Potty Training for Boys

potty training for boys

Potty training your son will require time and a lot of patience. The key to a successful potty training is starting when your son is interested, willing, and physically able to. While some kids are ready as young as 18 months, others may not be prepared to learn until after their third birthday. Some experts believe that boys are in diapers a bit longer than girls because they’re generally more active and may less likely to stop and take the time to use the potty.

I see mums who says they start potty training a 6 months. Your baby is not ready for potty training at 6 months or even 12 months. The truth is, when parents begin potty training too soon, the process is likely to take longer. In other words, you’ll arrive at your destination at the same time, no matter when you start. So before you begin, be sure that your son is ready to start. There’s no magic age for being ready to start learning to use the potty. Most toddlers develop the necessary physical and mental skills between 18 and 24 months, while some are not there until closer to age 3.

Once you’ve determined that your son is ready to start, focus on timing. Be sure your child’s routine is well established. If he’s just started preschool or has a new sibling, he may be less receptive to change or feel too overwhelmed to tackle this new challenge. Wait until he seems open to new ideas, so you can potty train successfully.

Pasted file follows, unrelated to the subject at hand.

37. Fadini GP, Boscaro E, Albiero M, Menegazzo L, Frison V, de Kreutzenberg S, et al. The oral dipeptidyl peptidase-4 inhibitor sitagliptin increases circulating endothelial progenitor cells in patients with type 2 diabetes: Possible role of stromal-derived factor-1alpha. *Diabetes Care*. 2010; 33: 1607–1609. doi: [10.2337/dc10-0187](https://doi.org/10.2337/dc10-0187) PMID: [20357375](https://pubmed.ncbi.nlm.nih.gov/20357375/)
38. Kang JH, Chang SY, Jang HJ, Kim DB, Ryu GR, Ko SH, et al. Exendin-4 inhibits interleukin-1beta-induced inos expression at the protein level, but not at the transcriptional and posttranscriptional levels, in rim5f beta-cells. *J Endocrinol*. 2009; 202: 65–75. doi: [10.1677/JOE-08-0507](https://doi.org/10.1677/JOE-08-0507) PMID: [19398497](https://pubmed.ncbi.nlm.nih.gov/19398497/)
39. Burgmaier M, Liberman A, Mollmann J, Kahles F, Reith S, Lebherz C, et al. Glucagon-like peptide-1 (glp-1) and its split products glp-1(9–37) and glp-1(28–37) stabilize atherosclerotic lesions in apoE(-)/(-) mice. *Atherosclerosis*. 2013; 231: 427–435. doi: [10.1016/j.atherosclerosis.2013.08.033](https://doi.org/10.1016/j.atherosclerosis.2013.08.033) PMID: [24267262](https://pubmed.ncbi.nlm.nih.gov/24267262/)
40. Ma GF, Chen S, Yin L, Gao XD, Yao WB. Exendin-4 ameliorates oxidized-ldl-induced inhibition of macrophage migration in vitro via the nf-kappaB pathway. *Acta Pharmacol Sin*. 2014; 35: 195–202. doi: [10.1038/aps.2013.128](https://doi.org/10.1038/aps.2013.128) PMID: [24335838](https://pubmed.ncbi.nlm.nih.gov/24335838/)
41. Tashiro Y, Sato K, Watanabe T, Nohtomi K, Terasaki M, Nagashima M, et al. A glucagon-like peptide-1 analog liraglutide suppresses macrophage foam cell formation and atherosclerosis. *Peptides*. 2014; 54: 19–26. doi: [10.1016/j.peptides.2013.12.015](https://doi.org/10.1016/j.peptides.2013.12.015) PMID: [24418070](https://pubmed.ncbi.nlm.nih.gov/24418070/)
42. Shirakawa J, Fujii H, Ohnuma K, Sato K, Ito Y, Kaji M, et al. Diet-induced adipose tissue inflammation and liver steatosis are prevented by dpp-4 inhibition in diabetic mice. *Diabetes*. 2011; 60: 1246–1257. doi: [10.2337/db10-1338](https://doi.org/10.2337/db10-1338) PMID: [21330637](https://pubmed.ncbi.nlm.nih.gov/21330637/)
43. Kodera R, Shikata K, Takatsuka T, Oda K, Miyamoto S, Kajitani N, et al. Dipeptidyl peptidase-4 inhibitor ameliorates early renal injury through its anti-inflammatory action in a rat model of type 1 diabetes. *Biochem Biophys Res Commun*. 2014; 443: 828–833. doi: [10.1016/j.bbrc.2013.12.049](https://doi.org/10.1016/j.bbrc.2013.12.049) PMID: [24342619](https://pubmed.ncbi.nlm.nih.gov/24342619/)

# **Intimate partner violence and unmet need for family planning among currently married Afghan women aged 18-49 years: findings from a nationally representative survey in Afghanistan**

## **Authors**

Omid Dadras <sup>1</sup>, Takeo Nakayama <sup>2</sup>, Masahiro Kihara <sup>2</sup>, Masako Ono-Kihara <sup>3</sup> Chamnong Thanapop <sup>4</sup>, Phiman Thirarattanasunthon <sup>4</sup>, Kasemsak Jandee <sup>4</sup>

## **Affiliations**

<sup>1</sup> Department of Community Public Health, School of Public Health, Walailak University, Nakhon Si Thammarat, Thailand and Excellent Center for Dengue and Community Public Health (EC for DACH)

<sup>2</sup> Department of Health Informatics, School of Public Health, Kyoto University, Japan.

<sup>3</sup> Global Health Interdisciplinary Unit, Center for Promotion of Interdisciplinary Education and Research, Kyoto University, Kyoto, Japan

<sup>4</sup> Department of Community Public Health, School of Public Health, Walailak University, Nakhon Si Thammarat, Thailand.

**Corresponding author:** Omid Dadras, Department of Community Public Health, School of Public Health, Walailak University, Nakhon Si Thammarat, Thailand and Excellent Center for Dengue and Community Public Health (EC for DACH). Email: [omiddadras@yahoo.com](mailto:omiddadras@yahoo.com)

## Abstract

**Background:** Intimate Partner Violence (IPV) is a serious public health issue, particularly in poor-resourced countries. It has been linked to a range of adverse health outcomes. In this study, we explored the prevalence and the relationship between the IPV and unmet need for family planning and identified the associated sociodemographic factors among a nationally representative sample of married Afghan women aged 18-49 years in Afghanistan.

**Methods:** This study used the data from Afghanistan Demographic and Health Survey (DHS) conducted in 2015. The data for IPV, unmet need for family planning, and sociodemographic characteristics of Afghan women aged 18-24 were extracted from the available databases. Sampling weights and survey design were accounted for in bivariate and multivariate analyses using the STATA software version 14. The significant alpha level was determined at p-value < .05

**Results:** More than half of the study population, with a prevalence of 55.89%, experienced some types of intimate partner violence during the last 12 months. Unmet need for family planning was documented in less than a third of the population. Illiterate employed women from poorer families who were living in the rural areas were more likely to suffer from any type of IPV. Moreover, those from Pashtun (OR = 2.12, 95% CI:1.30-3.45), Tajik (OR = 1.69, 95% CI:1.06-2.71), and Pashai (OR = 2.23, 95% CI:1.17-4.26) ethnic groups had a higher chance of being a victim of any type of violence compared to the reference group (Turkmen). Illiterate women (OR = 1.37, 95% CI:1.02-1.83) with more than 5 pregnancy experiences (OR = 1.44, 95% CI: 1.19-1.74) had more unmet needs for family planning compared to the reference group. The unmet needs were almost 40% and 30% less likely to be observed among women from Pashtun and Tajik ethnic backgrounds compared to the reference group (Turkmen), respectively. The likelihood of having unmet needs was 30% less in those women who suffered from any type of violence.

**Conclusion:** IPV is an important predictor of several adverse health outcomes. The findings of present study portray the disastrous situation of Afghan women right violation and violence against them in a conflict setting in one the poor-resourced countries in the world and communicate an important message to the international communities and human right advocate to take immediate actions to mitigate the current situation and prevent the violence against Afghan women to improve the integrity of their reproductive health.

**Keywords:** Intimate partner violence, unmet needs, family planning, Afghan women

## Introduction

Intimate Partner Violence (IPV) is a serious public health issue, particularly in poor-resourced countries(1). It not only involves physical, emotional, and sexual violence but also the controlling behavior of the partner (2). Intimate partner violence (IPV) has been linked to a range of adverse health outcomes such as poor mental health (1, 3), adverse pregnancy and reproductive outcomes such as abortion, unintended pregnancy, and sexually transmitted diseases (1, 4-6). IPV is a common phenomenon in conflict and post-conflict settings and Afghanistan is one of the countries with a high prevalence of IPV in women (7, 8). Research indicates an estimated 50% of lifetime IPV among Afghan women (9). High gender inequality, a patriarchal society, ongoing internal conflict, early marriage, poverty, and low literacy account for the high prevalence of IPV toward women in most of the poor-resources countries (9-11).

Potty Training in 12 Steps

Do you want to stop buying size 5 diapers? Here’s a complete guide to potty training.


1. Let him watch and learn

Toddlers learn by imitation. He may notice that Daddy uses the potty differently than Mummy does, which creates a great opportunity for you to explain the basic mechanics of how boys use the bathroom.

2. Buy the right equipment

When your child is sitting on the potty, it’s important for him to be able to lean slightly forward with his feet on the ground, especially when he’s having a bowel movement. Most experts advise buying a child-size potty, which your toddler can claim for his own and which will also feel more secure to him than sitting on a full-size toilet. (Many toddlers are afraid of falling into the toilet, and their anxiety can interfere with potty training.)

If you prefer to buy an adapter seat for your regular toilet, make sure it’s comfortable and attaches securely. You’ll also need to give your son a stool because he needs to be able to get on and off the potty easily any time he needs to go and to stabilize himself with his feet.